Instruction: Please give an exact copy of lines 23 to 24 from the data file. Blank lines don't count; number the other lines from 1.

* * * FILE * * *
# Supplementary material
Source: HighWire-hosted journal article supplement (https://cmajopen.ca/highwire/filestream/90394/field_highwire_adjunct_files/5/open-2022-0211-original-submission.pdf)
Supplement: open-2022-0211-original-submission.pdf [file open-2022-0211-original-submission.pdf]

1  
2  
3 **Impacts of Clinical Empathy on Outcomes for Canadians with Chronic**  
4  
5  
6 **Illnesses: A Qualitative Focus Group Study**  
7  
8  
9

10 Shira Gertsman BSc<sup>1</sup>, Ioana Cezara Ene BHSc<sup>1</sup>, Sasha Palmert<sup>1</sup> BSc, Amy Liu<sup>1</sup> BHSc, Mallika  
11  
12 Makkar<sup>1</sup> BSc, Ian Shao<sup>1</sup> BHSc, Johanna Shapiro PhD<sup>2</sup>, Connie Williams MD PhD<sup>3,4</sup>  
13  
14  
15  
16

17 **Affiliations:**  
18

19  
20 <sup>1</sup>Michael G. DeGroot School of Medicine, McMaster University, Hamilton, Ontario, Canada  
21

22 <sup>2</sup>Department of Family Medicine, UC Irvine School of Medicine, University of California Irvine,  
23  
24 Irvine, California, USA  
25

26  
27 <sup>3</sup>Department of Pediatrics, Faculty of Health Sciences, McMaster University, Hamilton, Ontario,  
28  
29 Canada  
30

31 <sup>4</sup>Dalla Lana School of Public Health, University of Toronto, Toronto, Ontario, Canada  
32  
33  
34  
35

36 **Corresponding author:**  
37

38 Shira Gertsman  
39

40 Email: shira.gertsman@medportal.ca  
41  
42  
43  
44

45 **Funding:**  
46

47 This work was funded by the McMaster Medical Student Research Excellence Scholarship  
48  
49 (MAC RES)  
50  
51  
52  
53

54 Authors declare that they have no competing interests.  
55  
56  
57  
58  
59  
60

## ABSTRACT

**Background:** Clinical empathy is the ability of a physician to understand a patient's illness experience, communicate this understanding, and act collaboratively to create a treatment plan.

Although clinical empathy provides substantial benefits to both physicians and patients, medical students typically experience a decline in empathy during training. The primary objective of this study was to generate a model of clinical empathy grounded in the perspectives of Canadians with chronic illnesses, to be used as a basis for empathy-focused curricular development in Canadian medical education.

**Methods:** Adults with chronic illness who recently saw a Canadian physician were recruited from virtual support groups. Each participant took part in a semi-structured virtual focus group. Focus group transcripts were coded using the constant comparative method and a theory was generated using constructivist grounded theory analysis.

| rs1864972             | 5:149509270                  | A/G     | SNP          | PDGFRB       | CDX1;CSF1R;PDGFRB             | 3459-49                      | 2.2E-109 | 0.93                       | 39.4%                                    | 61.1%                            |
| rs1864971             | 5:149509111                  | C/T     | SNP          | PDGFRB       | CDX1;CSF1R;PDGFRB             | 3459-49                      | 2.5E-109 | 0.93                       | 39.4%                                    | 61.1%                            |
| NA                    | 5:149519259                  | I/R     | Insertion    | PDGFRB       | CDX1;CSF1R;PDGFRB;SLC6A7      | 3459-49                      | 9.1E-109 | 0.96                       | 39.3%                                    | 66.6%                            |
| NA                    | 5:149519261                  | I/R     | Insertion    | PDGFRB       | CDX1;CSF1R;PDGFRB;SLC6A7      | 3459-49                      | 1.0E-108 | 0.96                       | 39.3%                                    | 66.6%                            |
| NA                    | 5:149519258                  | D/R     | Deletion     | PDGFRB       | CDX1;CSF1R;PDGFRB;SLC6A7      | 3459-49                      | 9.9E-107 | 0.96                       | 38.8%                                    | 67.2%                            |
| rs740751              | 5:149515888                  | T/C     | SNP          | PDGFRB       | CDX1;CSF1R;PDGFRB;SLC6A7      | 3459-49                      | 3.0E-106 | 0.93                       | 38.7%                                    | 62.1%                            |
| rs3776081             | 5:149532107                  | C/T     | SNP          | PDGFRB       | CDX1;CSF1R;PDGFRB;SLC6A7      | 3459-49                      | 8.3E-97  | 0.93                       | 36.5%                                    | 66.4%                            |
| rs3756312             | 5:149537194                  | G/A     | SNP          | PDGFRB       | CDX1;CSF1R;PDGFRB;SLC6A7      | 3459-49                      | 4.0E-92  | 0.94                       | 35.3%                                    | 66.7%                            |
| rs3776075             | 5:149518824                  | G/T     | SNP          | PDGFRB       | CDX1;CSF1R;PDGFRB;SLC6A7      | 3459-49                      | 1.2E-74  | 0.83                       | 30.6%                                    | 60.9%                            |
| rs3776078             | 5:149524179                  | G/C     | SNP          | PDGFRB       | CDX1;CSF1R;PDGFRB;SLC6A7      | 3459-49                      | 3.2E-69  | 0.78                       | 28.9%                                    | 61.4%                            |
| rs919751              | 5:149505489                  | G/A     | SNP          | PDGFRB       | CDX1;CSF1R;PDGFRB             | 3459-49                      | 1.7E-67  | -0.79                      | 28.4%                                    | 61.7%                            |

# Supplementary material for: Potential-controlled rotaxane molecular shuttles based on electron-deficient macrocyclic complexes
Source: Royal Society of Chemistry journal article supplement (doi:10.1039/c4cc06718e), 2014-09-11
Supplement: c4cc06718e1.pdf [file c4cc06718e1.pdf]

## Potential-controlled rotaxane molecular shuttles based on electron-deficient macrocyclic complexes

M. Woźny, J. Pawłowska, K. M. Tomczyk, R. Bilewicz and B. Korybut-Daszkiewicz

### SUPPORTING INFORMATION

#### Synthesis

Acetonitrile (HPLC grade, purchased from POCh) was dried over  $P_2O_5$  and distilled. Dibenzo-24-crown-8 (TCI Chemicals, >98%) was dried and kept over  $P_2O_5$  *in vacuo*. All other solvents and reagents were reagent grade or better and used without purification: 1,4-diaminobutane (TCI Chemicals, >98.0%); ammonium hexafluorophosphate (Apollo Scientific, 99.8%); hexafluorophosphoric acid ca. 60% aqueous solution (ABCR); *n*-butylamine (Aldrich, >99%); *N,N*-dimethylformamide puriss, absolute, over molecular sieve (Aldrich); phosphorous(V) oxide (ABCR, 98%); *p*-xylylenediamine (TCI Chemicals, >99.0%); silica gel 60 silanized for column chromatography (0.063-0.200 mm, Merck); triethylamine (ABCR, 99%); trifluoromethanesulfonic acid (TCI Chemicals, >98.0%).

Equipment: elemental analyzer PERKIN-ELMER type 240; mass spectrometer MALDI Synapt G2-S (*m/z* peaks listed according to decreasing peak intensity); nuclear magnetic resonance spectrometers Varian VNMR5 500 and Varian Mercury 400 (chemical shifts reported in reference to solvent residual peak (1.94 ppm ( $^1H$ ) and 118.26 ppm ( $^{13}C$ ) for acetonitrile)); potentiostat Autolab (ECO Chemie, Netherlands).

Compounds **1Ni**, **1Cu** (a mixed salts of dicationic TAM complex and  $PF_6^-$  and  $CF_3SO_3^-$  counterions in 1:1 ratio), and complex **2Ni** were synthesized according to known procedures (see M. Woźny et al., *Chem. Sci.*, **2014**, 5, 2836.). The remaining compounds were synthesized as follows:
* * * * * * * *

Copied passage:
20 <sup>1</sup>Michael G. DeGroot School of Medicine, McMaster University, Hamilton, Ontario, Canada  
21